The fact is that life is full of trade-offs. It's not possible to "have it all." It never was. And never will be. For women or for men.
MUST SOCIETY CHANGE?
Slaughter calls for changing the workplace culture to eliminate "the need to travel constantly to succeed, the conflicts between school schedules and work schedules, the insistence that work be done in the office." While I join her in wishing for that evolution, I don't see how it's possible.
All things being equal, those willing to put 90 hours a week into their careers are going to get ahead of those willing to put in 60, much less 40. While there is any number of studies showing that working too many hours is actually counterproductive from an efficiency standpoint, there nonetheless is a rare breed of cat who can keep up a frenetic work schedule for years on end. And those workaholics are simply more valuable to the company, agency, or organization than those who clock out at 5. That means that those of us who choose to prioritize our children are going to get out-hustled by those without children, or those willing to let their children spend longer hours with a partner or childcare provider.
Slaughter writes, "Ultimately, it is society that must change, coming to value choices to put family ahead of work just as much as those to put work ahead of family." Again, I fully agree in principle. In practice, however, it's easier said than done. Could Slaughter have done her job at State in 40 hours a week? In 60? It's hard to see how. Aside from the pressures put on her by bosses who worked absurd hours, there's just not enough time for all the reading and writing, the constant travel, and the real work that gets done at after-hours dinners and cocktail parties.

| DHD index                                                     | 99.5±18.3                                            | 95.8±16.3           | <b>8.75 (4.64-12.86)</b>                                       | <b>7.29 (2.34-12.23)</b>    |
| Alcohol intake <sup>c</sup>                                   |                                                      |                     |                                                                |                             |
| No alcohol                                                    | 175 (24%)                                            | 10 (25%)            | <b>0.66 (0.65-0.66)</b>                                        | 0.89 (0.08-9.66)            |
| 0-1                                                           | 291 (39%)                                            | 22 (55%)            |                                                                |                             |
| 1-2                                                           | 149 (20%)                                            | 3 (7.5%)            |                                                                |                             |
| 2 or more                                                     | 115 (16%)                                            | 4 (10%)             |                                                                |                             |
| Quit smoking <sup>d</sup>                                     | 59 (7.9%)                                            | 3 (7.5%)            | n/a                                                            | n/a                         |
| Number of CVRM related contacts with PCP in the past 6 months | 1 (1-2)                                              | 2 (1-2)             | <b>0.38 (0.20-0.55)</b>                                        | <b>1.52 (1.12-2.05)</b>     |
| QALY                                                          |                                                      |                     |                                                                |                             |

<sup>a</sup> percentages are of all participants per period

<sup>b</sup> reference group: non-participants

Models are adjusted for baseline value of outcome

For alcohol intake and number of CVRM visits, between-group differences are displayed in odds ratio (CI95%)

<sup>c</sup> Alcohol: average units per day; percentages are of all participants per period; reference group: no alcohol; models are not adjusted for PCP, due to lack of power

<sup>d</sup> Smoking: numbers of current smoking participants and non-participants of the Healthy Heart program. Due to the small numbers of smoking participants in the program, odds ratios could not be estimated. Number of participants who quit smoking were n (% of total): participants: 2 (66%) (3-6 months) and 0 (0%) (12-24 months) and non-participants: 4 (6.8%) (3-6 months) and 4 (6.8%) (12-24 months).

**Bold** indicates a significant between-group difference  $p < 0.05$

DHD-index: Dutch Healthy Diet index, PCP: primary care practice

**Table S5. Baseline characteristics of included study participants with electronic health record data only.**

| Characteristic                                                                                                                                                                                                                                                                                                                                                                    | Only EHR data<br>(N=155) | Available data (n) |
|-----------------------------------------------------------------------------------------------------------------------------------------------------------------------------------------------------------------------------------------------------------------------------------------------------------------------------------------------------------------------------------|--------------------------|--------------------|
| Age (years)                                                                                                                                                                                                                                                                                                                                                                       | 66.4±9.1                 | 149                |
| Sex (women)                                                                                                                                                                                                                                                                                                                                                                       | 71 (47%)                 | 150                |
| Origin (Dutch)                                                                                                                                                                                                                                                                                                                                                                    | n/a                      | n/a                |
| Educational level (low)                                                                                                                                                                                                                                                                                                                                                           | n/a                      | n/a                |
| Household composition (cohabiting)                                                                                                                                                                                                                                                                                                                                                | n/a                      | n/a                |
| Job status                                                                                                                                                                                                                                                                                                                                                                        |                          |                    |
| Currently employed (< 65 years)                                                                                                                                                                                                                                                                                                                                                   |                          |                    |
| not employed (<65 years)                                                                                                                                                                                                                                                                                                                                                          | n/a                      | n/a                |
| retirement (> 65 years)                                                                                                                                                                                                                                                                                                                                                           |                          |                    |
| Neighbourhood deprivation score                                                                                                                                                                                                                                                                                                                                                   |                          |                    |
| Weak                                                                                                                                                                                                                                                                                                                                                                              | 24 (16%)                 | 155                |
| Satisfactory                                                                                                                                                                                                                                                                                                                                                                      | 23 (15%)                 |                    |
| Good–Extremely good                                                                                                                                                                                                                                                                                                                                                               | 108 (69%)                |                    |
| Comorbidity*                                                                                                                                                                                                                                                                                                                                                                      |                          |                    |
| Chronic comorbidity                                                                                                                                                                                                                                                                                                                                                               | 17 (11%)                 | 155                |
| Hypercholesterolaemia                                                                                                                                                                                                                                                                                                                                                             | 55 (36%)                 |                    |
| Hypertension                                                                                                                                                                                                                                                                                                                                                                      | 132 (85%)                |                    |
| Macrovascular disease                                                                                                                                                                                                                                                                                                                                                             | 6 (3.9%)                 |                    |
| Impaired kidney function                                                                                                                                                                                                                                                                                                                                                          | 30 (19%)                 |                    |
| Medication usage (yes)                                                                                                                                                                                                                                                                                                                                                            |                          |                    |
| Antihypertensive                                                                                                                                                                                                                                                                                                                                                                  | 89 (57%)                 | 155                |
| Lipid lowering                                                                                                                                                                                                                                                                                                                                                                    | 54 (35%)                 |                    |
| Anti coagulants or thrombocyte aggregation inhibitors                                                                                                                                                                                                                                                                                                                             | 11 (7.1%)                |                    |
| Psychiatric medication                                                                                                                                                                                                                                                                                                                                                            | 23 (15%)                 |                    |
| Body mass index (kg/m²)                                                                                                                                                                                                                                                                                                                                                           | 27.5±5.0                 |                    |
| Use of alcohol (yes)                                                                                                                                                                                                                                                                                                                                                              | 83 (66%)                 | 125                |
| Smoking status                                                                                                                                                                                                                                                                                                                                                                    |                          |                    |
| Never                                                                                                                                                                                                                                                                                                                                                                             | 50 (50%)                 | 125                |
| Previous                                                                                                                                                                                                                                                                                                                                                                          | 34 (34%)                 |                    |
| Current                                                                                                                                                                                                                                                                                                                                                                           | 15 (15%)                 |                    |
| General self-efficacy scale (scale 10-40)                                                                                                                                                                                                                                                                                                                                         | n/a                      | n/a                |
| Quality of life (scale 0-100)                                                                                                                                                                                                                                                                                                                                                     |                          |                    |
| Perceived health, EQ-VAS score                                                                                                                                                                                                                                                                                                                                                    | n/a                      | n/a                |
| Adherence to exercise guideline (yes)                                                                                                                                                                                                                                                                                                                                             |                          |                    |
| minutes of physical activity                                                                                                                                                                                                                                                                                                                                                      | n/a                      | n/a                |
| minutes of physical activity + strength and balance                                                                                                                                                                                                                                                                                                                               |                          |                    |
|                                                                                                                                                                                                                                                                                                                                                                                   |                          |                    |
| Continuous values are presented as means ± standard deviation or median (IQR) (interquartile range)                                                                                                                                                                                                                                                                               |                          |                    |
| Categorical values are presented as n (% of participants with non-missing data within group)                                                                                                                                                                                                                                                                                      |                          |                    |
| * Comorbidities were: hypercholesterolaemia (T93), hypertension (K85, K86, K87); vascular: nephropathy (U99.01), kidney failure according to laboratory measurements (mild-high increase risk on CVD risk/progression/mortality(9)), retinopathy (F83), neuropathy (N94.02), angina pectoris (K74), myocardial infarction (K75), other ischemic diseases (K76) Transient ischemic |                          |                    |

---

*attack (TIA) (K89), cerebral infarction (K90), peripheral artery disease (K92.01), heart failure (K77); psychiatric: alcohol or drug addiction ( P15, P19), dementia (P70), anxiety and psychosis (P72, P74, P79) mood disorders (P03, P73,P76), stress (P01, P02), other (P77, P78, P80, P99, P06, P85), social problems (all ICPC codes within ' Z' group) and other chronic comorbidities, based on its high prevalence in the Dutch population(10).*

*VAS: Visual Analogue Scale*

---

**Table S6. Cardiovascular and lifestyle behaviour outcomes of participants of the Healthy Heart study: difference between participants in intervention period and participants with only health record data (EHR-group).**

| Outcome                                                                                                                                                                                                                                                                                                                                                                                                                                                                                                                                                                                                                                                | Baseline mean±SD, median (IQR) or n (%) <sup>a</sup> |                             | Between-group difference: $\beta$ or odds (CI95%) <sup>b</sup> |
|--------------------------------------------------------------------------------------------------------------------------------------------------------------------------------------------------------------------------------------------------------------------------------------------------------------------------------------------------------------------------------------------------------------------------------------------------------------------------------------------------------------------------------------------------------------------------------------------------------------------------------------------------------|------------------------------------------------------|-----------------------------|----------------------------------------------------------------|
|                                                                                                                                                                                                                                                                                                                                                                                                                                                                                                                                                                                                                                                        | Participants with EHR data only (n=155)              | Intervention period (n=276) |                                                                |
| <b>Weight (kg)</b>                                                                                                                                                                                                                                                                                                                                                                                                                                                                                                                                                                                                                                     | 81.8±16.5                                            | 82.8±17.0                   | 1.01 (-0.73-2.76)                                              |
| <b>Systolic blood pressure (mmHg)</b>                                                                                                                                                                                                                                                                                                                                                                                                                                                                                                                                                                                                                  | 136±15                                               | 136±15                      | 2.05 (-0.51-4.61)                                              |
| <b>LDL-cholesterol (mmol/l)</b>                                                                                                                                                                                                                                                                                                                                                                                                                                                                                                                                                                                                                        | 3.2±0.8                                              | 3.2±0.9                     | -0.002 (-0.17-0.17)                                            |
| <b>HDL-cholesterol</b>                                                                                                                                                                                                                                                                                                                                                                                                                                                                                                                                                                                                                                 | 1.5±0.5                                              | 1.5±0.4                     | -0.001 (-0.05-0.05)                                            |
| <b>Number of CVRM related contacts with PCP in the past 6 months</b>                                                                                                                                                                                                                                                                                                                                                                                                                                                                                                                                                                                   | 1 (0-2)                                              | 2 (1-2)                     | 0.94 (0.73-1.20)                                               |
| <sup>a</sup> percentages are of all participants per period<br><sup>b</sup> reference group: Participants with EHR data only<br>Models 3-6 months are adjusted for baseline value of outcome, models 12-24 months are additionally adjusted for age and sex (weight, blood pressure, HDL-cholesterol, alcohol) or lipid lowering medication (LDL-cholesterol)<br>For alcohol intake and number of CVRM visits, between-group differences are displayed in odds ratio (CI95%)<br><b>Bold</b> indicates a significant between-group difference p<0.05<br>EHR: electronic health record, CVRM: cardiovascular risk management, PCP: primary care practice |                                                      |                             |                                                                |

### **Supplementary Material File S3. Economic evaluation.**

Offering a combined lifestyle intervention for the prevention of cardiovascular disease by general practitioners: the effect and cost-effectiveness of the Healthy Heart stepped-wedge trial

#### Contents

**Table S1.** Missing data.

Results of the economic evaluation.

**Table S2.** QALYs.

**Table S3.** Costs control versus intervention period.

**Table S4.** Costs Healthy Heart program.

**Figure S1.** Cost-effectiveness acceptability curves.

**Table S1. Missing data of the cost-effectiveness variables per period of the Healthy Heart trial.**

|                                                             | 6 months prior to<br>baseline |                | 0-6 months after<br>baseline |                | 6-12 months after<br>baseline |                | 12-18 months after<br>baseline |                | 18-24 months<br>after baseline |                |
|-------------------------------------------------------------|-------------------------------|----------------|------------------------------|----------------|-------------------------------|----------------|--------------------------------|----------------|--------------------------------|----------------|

Indeed, she admits as much, though she points to institutions -- such as the British Foreign and Commonwealth Office -- that are embracing modern technologies and allowing their employees to do more of their work outside the office.
NOT A 'WOMEN'S PROBLEM', BUT OUR PROBLEM
But the most intriguing part of Slaughter's article is the conclusion, in which she argues that, even more than changing workplace culture, we must rethink our attitudes about the career arc. Given longer lifespans and the tendency to postpone marriage and childbirth, it no longer makes sense for women to get on the work treadmill and keep going. Rather, she writes, they should achieve plateaus, take breaks for children, and then continue their ascents.
But why wouldn't it make sense for men to do the same thing? Obviously, we haven't repealed biology; until we do, women are going to continue to do one hundred percent of the childbearing. And to the extent that nursing is advantageous over formula feeding, women will continue to have a unique role in that department, too. Still, there's no reason men can't take breaks in their careers -- even just dialing it back a few notches and working from home -- while their wives get back into career mode.
Amusingly, many of the examples Slaughter gives of family-friendly workplace innovations were introduced by men, like Deputy Secretary of State James Steinberg and New Jersey Governor Chris Christie. These men are facing essentially the same sorts of choices that Slaughter continues to insist are unique to women.
I'm less optimistic than Slaughter that we'll ever create a culture that values family time as much as work time -- much less one where those who run our government and businesses will do so. But we'll come much closer if we stop looking at this as a "women's problem" and instead see it as a societal problem.